According to the most recent fact sheet for malaria from the World Health Organization (WHO), in 2021 there were an estimated 247 million cases of malaria worldwide leading to 619,000 deaths, mostly young children. Although the WHO African Region accounted for 95% of these cases and deaths, the Centers for Disease Control and Prevention (CDC) reported cases of locally acquired malaria in Texas and Florida in early 2023. Approximately 2,000 cases of travel-related malaria were diagnosed in the United States each year; ~300 people with severe disease leading to 5 to 10 deaths.
Malaria is caused by single-celled Plasmodium parasites transmitted by female anopheline mosquitoes. As depicted here, in the malaria transmission cycle, the mosquito bite introduces the parasites from the mosquito’s saliva into a person’s blood, leading to maturation and reproduction in the liver. This leads to infection of red blood cells (erythrocytes) that are then ingested by blood-feeding mosquitoes, which can subsequently transmit the parasites to an uninfected person.
The WHO notes antimalarial drug-resistance continues to increase and overall progress in incidence-reduction has started to stagnate. Therefore, vaccines are needed to achieve further progress toward malaria elimination. The recombinant protein–based vaccine, termed “RTS,S” (Mosquirix™), was the first and only malaria vaccine approved and in wide use. As of April 2022, the vaccine has been given to 1 million infants living in areas with moderate-to-high malaria transmission; however, the vaccine reduces hospital admissions from malaria by only ~30%.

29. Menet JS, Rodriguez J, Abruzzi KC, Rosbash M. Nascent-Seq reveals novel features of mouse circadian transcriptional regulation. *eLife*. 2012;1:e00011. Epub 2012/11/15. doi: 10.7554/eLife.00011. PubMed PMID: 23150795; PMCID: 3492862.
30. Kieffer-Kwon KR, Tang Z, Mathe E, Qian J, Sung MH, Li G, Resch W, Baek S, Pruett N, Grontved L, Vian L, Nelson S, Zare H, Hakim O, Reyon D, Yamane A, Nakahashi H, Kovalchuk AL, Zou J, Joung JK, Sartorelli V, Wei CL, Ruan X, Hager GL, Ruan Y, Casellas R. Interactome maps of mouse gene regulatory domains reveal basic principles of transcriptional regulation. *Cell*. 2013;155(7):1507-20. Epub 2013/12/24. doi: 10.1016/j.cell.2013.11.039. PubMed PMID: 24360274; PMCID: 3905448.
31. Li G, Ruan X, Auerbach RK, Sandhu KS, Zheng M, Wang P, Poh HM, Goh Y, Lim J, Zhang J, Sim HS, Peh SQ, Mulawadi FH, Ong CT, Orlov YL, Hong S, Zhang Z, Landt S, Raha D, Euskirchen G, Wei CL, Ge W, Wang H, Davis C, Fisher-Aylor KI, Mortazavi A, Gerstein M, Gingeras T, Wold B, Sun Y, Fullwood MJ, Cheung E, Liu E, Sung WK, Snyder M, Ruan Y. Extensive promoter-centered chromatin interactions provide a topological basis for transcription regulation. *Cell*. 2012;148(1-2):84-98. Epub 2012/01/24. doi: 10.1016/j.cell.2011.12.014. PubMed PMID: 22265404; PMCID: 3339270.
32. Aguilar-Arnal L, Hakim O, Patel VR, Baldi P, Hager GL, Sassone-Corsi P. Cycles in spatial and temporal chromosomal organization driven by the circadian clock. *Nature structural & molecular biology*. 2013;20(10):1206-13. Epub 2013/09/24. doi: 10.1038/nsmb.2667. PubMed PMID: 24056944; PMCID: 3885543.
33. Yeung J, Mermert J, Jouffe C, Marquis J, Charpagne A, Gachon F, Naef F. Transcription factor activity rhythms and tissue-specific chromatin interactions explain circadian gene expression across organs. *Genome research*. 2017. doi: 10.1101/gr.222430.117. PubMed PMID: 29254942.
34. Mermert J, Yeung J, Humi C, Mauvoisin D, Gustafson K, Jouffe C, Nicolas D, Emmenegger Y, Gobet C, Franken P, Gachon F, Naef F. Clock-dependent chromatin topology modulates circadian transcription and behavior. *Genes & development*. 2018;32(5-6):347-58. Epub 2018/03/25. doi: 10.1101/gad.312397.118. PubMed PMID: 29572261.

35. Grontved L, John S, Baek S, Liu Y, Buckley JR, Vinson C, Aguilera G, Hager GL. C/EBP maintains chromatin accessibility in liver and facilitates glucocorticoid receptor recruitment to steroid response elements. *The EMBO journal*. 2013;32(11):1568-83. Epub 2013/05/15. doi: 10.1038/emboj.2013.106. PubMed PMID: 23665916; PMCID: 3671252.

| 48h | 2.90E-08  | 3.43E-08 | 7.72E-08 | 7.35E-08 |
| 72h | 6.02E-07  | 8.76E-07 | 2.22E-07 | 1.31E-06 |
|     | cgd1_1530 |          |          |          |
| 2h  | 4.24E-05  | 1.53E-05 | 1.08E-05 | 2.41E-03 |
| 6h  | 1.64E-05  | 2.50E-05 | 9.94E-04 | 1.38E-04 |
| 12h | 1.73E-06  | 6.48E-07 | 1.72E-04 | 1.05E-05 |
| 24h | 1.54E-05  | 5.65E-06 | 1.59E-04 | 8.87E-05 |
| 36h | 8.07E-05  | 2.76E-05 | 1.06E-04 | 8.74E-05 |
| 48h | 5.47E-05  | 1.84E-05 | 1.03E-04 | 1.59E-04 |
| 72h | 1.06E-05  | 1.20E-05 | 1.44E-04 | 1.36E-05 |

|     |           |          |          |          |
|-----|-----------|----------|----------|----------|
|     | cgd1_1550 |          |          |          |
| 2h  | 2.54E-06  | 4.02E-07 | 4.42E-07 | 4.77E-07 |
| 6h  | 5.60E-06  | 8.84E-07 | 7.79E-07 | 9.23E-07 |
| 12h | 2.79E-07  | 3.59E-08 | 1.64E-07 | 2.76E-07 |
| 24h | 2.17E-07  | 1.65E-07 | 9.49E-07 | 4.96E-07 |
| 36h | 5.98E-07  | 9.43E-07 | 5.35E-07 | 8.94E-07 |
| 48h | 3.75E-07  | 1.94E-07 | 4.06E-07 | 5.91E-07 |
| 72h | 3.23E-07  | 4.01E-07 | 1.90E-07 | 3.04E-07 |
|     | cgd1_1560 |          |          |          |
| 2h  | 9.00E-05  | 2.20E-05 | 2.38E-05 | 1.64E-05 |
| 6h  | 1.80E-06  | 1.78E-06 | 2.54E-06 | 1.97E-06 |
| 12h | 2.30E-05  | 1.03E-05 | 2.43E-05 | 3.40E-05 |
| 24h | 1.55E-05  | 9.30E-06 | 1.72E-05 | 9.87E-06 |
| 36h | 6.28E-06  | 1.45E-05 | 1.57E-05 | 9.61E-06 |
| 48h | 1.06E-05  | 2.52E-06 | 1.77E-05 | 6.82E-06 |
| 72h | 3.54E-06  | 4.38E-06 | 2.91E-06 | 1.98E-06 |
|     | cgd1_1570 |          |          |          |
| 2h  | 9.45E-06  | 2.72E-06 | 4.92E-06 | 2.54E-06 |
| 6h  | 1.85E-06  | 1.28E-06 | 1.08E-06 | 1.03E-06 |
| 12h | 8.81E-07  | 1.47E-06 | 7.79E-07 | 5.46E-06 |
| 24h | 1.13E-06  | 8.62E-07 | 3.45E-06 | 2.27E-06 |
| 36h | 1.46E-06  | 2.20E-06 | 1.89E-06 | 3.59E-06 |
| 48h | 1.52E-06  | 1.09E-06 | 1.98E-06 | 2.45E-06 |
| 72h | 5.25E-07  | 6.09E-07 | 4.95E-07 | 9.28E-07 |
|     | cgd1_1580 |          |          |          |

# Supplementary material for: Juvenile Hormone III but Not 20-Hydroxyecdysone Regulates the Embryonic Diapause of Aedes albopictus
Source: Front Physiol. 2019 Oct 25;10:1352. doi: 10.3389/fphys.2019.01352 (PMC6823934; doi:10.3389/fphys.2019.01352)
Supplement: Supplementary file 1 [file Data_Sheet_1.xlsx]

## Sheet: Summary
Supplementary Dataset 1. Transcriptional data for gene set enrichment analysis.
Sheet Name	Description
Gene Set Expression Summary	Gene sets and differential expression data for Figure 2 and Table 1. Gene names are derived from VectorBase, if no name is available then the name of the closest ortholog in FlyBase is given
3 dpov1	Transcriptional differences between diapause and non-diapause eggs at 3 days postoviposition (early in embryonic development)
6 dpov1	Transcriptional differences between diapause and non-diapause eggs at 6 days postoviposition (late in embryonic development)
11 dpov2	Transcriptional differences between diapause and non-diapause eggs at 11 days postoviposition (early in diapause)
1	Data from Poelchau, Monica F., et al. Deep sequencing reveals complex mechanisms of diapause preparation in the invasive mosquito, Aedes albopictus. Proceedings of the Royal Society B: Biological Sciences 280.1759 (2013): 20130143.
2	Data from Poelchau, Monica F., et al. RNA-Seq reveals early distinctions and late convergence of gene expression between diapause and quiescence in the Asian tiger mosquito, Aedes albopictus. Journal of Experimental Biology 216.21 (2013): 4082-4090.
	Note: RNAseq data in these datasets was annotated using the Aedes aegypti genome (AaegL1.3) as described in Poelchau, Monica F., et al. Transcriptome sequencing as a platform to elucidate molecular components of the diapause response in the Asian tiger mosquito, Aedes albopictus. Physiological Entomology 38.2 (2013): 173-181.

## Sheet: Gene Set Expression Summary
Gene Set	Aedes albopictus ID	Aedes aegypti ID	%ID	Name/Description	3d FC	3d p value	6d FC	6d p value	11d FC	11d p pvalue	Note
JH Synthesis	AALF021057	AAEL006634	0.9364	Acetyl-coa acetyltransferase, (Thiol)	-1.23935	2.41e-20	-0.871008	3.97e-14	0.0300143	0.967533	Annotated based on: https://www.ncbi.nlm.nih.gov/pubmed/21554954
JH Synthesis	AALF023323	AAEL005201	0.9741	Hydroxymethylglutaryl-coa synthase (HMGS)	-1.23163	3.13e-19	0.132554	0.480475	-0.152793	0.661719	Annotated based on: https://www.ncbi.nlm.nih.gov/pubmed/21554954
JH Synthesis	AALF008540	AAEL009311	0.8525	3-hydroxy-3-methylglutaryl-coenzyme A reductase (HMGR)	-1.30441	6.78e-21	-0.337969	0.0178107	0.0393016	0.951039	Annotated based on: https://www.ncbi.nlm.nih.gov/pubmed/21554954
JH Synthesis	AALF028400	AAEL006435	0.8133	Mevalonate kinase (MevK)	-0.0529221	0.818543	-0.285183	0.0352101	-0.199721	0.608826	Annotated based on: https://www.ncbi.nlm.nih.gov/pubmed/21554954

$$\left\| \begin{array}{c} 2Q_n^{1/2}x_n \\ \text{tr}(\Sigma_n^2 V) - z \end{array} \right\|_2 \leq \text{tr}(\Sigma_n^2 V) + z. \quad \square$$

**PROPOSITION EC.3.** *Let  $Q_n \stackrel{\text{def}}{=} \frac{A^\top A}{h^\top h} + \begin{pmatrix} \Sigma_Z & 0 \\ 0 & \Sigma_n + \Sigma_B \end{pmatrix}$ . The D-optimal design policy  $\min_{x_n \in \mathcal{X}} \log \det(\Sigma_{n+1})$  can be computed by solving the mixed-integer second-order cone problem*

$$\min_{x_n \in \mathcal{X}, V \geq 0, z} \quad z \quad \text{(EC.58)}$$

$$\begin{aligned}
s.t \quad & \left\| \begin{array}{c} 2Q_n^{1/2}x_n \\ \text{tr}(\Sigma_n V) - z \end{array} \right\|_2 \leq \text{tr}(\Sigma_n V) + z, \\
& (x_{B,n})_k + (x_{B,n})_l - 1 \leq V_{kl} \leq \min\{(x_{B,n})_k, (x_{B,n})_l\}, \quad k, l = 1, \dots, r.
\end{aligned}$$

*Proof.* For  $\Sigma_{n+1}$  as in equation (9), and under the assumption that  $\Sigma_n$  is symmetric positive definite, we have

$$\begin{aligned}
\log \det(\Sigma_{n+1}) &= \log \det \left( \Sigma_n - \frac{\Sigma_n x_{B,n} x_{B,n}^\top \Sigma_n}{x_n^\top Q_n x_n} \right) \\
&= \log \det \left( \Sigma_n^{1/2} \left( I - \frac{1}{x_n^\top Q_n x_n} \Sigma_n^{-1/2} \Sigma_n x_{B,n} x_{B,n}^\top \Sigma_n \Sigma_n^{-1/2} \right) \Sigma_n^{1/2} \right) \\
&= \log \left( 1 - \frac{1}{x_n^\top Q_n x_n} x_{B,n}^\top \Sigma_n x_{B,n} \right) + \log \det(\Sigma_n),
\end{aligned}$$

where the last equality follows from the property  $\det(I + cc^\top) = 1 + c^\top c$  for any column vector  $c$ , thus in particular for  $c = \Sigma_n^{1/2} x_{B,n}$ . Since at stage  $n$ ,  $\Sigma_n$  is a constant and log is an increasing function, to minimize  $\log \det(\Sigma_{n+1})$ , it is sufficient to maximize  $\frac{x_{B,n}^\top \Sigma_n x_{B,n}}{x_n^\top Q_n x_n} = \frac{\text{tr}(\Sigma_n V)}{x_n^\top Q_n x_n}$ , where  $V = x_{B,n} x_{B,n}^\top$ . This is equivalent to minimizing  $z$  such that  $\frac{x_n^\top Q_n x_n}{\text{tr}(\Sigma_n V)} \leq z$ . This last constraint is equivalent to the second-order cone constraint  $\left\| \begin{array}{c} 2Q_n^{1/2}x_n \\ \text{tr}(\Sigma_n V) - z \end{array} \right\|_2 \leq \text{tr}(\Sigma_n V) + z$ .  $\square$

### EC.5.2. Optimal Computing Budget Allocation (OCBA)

Next-Generation Malaria Vaccines
- Hayashi et al. (2022) reasoned next-generation vaccines will need to apply new strategies for improved protection, namely, target Plasmodium parasites at multiple life-cycle stages:
- Pre-erythrocytic vaccines target sporozoite and liver-stage parasites with the aim of eliciting immune responses to prevent infection.
- Blood-stage vaccines target the disease-causing parasites to elicit an immune response to limit parasite burden, thereby reducing disease severity.
- Transmission-blocking vaccines target the sexual stage parasites in the female mosquitoes, leading to the disruption of the sexual life cycle and cessation of parasite development, and reduction of transmission.